5. Jimmy Carter

    Excuse Me, Yeti, but the link to the styrofoam cup isn’t working. 

  6. Blue Yeti
    C
    Jimmy Carter: Excuse Me, Yeti, but the link to the styrofoam cup isn’t working.  · Apr 8 4:19pm

    Good catch, Mr. President. Fixed. 

  7. Gus Marvinson

    Klavan, Caddell, Prager, Lileks and Long most assuredly are not sissies. Speaking of Pat Cadell, isn’t he sick of being a Democrat yet?

  8. Jimmy Carter
    Blue Yeti

    Good catch, Mr. President. Fixed.  · Apr 8 at 4:38pm

    Now, that’s service.

    Thank You, as always. 

  9. Kenneth

    Pat Caddell is sooooo right about Obamacare repeal.  Damn, I wish Republicans would listen to him.

  10. Dan Holmes

    Lileks asks Caddell, the political super-genius, “How do you get these things out, what do they do?”, referring to a way for Republicans to better spread their political messages.

    Caddell responds, “Well, the question to me is very simple.  [It is] whether or not there are sufficient numbers of people who feel patriotic enough that the country is in crisis who have the resources that they waste all over the place in other things politically, to in fact invest in building the kind of narrative that needs to be done, in the absence of republicans’ inability, and also do it outside of the mindset of the same kind of beltway thinking of republicans…who may have been…making the case…’let’s not deal with healthcare, by God, we don’t want to raise that issue–oh, it doesn’t matter about the $105 billion.’  …Some group, some people have to see that right now, that is the decisive thing that can be done, and there has to be an effort to build that narrative, and I have made that case since 2009….”

    Vague, rambling, and still no specifics.  No one has any specifics.  

    Tea Party time, once again.

  11. Leslie Watkins
    Kenneth: Pat Caddell is sooooo right about Obamacare repeal.  Damn, I wish Republicans would listen to him. · Apr 8 at 5:10pm

    Yes, but is he right about what happened between the November election and 2011, while the old guard was still in the Congress? Who are now being calling crazies if not the newcomers who are doing what they ran on doing now that they’re actually in? I’m not a Republican. I’m not into Republicans. But I don’t think you can blame those in office now for what those in office did before 2011.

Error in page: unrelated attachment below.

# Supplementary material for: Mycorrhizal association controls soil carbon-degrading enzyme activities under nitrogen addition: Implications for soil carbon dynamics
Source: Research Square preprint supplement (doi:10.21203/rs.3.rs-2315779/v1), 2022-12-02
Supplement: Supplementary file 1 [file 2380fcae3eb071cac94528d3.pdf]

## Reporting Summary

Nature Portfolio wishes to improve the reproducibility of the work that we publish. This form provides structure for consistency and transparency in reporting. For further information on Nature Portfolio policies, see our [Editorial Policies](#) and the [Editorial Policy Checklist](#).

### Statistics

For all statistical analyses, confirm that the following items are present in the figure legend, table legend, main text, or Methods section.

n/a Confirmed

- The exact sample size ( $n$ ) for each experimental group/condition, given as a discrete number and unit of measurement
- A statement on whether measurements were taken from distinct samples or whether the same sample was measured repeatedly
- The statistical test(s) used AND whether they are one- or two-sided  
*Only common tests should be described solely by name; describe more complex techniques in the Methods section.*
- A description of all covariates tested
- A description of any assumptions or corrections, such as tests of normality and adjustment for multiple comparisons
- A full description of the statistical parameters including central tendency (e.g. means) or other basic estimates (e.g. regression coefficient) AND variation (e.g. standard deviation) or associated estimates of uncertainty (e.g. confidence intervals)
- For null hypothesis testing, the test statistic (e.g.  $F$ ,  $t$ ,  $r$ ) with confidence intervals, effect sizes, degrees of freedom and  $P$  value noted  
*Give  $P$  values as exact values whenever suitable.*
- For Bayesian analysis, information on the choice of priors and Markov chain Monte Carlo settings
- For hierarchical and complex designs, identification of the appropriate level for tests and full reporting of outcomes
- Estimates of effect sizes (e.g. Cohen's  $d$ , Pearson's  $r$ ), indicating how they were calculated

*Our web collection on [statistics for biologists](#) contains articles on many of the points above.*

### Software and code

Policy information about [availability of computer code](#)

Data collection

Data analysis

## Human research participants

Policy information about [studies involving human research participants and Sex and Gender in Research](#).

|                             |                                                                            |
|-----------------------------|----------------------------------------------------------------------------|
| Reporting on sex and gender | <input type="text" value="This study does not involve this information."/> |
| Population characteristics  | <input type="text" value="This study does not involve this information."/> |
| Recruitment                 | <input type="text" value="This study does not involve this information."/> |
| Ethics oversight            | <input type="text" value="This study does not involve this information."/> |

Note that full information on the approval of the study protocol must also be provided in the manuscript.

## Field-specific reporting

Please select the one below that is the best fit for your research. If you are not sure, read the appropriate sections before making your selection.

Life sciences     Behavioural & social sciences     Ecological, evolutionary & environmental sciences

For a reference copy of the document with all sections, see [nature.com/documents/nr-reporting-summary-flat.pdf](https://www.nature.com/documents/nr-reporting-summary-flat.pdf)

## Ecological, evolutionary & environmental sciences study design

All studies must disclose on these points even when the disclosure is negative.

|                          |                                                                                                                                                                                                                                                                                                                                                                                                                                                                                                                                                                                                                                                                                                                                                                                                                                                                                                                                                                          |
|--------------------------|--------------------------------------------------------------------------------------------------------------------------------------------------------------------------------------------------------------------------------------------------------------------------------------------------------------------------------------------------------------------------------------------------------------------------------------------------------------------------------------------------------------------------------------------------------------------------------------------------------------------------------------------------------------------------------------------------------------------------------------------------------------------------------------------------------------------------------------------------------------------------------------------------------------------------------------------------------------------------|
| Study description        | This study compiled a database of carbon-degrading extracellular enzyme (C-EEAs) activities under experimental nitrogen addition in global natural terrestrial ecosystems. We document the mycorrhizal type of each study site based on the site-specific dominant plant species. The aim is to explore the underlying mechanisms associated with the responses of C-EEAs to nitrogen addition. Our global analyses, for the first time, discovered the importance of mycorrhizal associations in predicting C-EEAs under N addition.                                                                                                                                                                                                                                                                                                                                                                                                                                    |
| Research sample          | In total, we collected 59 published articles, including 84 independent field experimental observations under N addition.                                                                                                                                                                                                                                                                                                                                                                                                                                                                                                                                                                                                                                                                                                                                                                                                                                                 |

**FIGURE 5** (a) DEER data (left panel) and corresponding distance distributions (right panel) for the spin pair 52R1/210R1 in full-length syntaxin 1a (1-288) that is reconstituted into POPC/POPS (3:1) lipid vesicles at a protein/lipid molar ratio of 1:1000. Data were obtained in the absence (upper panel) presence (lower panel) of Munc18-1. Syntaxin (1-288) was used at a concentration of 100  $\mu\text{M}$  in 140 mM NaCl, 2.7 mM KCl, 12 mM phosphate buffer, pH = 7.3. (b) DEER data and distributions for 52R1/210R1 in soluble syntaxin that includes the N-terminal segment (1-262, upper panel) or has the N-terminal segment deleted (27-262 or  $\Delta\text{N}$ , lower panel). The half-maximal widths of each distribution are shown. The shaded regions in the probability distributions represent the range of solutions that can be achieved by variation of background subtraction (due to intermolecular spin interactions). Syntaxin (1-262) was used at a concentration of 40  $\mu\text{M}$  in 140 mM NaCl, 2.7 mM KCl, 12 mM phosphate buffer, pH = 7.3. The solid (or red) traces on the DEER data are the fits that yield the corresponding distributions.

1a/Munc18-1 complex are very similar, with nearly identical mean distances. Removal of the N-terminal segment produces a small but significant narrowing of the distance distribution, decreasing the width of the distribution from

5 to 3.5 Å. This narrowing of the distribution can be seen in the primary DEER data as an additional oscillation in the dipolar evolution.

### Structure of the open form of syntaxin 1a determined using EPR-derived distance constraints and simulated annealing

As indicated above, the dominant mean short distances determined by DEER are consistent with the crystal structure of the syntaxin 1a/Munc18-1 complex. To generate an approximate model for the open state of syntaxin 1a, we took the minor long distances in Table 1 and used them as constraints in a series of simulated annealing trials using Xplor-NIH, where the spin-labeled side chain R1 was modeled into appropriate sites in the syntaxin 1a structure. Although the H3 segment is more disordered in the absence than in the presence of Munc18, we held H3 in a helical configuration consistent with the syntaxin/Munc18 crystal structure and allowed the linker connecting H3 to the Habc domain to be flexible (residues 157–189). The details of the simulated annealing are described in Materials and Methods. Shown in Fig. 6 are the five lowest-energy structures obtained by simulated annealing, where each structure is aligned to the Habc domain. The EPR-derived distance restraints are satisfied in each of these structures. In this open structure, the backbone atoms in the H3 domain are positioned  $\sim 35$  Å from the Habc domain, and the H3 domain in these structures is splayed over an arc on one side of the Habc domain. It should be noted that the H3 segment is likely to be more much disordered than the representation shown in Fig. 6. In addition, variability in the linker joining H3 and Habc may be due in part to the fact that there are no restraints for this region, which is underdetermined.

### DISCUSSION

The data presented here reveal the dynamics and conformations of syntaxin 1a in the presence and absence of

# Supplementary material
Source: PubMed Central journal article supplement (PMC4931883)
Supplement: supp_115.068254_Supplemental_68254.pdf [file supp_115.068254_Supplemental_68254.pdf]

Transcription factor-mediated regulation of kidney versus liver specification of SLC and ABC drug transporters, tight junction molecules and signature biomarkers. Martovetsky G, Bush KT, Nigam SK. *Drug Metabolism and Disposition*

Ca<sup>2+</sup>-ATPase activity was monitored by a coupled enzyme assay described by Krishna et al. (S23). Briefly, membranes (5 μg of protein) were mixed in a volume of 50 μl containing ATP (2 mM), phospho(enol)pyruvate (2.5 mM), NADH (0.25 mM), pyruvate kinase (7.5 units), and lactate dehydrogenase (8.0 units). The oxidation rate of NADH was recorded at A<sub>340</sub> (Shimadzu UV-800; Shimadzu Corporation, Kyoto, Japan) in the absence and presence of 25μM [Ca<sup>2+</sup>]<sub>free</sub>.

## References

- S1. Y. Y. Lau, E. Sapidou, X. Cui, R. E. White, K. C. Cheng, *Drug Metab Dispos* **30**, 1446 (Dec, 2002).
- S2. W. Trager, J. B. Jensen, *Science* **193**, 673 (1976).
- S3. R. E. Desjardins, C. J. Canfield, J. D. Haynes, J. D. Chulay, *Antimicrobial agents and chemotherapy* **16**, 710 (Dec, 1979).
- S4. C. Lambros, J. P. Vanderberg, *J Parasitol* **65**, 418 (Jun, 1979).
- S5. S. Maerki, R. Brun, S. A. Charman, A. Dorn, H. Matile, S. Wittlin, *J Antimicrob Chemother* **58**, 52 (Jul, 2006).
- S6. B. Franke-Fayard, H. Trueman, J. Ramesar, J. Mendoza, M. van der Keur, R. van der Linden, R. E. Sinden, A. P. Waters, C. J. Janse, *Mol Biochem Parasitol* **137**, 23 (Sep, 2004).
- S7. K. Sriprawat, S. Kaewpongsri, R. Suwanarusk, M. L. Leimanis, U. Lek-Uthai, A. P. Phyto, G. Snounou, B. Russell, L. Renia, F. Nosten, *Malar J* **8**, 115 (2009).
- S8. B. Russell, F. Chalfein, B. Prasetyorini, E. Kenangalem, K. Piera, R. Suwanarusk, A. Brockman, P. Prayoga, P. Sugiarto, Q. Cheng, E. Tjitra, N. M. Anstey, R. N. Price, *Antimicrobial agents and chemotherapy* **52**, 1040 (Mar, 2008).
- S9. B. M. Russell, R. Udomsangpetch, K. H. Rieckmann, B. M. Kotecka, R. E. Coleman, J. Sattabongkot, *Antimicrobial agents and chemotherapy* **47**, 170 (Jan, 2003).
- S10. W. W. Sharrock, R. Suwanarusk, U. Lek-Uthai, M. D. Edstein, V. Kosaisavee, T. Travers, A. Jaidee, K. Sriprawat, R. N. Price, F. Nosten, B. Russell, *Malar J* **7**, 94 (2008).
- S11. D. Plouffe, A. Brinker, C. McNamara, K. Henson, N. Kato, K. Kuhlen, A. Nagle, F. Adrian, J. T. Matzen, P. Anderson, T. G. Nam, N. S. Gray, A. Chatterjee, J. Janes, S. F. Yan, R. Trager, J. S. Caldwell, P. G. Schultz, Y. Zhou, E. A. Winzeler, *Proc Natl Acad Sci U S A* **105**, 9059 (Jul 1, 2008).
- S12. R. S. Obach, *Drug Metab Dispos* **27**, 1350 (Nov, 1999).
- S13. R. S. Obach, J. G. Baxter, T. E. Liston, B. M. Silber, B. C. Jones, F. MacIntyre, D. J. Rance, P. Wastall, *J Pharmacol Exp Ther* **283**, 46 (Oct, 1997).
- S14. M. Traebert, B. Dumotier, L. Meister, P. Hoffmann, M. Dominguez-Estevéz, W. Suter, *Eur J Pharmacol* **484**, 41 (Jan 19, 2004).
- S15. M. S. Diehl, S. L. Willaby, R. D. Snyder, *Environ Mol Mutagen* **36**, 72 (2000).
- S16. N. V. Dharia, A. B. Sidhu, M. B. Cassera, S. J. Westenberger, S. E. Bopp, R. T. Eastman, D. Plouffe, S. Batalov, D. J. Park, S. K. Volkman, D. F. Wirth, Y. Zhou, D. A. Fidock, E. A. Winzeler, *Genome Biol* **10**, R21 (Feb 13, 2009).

12. Canuckski

    I’ve listened to every Ricochet podcast and they’re all  wonderful in their own way, but LXIV was something I’ve never heard.  Starting with a discussion of the sissification of the West, our sharing circle revealed that they were all union members and gushed excitedly about what Paul Ryan, you that guy in Mr. Boehner’s room?, had just done.  It was a good the math teacher, Mr. Caddell, came out of the teachers’ lounge and threw a bucket of water on them.

    Well, I always wanted to be a lumberjack…

  13. Jim Newsom

    I always enjoy listening to Pat Caddell.  After all, I was a McGovern Democrat too.  But, after all, I was 18.

    Pat thinks that the 2010 landslide had one purpose — to end Obamacare.  Certainly, it was that.  But the country has seen all too clearly what happens when you turn over all the levers to the Dems.  The revolt goes way beyond Obamacare.  

    It’s time that the grown-ups were in charge.  That’s why Paul Ryan’s plan is brilliant — and not leading with his chin, as Pat thinks.

  14. Spin

    I disagree with the take on Paul Ryan.  After listening to Caddell for awhile, I wanted to shoot myself.  In the toe, at least, but maybe even in the leg.  He seemed to say “Anyone who knows anything knows you have to deal with entitlements.”  So he agrees with Ryan on that point.  ”But it’s a suicide mission to do so, just go ahead and run yourself off a cliff.” If you go by what Cadell says, we might as well just give up, because the people are too stupid or too disinterested to care.  Ryan said “Look this is going to be painful.  But it will be less painful to deal with it now than when it all comes tumbling down later.”  His video on the subject was perfect.  It wasn’t perfect because it gave us mouseketeers a lot of detail, it was perfect because it sent the message in a way that the average, stupid, disinterested American could understand it.  That is the narrative.  That’s what Republicans need to keep saying.

  15. Trace

    Pat Caddell for Republican Party Chair!

  16. Chris O.

    I can’t say I appreciated Rob’s comments about men born in the 70′s, but I was in a bad mood when I turned the podcast on during the morning commute.

    I’ll only say that it is easy to tear things down through criticism. It requires much more effort to build something and energy to at least create a positive proposition, rather than tearing down those put forth by others. I recall Mayor Daley being asked about Mayor Giuliani’s model for curtailing crime. His response to the ideas that transformed New York? “It won’t work here.” Nice effort.

    I guess I’m getting a little tired of hearing how things are going to go wrong and wondering what some of us are doing to see that doesn’t happen. Could I request that the podcast lighten up a bit? Like I tell students, “If you say you can’t do something, then you are exactly right.” (A play on Henry Ford.) It’s not because there is an impossible task, it’s because they won’t make the effort needed without belief.

    And, yeah, I do realize there is some irony in this post.